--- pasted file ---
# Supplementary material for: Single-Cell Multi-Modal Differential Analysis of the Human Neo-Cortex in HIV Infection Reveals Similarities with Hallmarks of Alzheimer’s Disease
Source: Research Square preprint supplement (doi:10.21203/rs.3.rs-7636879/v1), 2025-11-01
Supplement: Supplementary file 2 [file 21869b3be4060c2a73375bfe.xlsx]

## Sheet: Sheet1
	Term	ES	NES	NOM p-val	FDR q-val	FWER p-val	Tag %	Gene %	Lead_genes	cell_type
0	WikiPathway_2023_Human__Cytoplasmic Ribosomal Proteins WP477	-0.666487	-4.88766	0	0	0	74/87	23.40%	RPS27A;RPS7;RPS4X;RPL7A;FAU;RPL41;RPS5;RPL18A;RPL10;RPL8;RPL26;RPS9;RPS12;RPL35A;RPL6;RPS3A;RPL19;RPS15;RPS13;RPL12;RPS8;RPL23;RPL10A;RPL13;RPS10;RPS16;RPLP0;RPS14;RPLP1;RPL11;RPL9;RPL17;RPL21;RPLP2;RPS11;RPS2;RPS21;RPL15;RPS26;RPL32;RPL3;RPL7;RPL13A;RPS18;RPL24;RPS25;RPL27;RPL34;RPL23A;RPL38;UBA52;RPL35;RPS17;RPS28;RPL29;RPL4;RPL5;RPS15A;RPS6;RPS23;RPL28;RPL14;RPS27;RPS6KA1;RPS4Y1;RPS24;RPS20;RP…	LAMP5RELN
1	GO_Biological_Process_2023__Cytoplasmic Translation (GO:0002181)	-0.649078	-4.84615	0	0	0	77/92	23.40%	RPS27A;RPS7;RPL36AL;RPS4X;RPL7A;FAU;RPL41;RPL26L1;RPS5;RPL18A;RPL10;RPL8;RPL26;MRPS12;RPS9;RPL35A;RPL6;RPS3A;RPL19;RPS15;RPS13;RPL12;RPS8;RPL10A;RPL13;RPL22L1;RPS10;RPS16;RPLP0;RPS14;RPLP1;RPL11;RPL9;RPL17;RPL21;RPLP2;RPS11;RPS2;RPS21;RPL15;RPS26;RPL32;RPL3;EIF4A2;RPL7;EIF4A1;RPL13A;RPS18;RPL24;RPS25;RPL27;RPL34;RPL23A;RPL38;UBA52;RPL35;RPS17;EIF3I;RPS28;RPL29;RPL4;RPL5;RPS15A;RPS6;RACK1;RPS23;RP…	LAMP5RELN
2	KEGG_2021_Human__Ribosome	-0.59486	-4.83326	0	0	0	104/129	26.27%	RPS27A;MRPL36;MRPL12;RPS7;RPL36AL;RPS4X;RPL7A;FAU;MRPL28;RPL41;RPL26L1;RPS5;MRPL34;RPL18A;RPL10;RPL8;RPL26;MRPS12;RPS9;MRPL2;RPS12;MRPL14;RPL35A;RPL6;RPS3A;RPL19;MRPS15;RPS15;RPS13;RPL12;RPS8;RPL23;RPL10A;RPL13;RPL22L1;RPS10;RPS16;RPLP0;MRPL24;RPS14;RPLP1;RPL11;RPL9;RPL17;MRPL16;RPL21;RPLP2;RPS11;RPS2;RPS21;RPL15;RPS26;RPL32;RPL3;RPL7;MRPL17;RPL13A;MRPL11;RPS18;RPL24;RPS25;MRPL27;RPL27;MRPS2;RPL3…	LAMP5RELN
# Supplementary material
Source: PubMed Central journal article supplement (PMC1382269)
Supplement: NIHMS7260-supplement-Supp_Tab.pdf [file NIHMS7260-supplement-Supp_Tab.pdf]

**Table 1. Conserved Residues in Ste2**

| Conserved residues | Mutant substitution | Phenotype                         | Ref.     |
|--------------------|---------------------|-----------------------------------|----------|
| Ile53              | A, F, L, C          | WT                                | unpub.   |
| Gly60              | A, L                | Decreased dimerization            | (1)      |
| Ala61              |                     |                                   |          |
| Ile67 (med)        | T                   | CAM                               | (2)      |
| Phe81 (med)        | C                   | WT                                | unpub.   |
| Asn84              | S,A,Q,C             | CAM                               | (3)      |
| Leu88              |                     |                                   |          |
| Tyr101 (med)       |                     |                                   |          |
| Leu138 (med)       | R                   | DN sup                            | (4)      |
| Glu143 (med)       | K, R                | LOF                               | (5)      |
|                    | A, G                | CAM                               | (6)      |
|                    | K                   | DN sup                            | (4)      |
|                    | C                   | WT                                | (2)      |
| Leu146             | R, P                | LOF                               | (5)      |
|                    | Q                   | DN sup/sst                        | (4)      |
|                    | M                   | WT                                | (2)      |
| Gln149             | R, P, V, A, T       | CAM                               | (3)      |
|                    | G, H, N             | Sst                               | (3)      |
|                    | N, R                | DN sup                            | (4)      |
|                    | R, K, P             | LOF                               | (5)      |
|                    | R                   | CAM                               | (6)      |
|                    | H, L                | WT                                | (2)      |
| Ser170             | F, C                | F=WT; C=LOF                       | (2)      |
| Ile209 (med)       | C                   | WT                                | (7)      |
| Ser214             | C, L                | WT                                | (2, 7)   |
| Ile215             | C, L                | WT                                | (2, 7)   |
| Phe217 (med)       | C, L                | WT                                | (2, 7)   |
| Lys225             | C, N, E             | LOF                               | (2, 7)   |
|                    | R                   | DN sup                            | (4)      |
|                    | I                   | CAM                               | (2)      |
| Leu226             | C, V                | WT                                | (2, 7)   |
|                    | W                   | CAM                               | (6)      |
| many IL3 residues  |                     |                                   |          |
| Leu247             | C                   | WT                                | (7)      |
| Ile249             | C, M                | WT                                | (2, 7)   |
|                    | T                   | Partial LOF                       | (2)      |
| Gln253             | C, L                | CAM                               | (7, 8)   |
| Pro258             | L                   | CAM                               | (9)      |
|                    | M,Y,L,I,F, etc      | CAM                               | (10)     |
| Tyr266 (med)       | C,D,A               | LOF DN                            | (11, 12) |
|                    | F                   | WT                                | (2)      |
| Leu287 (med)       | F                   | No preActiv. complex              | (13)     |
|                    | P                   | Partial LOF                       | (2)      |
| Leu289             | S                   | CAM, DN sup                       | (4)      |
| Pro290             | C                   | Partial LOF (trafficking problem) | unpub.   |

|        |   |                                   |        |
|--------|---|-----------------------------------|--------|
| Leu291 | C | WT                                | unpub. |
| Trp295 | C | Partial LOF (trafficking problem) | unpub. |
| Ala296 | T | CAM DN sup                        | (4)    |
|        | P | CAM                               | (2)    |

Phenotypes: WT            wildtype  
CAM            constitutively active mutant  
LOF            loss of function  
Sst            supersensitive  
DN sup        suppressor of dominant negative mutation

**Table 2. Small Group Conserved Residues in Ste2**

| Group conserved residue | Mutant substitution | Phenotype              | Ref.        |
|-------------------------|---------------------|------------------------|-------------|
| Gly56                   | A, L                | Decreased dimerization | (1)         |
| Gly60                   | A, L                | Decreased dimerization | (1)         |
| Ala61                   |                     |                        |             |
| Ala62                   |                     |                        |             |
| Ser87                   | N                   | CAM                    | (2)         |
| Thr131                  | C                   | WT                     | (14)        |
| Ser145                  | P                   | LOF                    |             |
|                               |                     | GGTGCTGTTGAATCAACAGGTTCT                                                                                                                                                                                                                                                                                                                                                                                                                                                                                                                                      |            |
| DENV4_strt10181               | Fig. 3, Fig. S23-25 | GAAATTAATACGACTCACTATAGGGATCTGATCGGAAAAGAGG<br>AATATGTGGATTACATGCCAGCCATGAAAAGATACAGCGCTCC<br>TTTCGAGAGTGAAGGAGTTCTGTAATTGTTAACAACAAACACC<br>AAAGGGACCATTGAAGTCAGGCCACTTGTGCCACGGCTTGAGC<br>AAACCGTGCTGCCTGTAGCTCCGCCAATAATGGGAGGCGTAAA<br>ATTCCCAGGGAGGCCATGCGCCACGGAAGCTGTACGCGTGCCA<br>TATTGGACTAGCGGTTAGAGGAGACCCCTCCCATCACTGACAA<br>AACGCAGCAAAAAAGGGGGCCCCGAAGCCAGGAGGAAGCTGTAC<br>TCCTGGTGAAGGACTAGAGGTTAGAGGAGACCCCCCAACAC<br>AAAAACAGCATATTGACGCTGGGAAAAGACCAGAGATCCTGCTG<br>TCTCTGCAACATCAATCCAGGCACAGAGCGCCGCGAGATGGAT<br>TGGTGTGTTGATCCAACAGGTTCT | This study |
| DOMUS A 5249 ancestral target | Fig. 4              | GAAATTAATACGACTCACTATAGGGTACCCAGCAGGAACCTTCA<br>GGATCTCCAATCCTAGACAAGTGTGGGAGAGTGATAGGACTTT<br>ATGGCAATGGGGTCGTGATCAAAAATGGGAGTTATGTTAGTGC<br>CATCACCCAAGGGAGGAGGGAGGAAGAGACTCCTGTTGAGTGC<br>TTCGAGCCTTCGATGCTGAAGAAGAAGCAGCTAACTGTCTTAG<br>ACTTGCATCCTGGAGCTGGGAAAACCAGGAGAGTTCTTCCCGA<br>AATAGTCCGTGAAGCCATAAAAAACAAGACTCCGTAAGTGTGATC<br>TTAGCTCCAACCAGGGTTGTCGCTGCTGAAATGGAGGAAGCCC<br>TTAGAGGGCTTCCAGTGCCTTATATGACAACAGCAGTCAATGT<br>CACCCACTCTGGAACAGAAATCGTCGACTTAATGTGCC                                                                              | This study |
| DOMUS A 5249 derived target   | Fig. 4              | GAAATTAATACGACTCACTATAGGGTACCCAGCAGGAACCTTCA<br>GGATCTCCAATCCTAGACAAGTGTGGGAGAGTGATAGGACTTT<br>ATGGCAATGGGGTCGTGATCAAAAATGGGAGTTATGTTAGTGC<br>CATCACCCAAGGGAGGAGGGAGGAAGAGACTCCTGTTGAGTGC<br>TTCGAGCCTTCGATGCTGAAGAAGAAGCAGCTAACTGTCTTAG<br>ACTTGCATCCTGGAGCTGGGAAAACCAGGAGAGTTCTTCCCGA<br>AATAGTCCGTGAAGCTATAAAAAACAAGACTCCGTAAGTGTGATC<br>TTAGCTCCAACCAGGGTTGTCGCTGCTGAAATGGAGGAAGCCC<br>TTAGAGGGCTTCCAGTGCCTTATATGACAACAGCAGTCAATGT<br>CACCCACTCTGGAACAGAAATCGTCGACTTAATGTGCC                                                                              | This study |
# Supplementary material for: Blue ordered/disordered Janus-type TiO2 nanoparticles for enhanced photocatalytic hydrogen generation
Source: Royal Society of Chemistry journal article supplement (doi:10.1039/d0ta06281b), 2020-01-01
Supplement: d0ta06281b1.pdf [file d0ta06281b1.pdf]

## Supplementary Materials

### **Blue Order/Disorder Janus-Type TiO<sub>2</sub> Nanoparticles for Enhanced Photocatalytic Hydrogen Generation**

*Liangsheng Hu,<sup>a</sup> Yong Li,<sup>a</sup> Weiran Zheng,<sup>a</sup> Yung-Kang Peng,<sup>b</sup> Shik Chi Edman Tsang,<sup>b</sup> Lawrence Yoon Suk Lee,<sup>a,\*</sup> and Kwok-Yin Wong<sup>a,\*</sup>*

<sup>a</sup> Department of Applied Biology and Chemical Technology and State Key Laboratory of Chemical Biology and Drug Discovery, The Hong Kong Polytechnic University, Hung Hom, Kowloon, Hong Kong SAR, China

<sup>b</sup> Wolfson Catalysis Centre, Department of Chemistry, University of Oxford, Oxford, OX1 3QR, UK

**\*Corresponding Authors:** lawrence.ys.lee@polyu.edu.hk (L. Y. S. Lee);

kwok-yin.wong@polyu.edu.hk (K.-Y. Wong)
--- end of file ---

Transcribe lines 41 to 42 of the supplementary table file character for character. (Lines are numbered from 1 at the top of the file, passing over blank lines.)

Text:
| Phe217 (med)       | C, L                | WT                                | (2, 7)   |
| Lys225             | C, N, E             | LOF                               | (2, 7)   |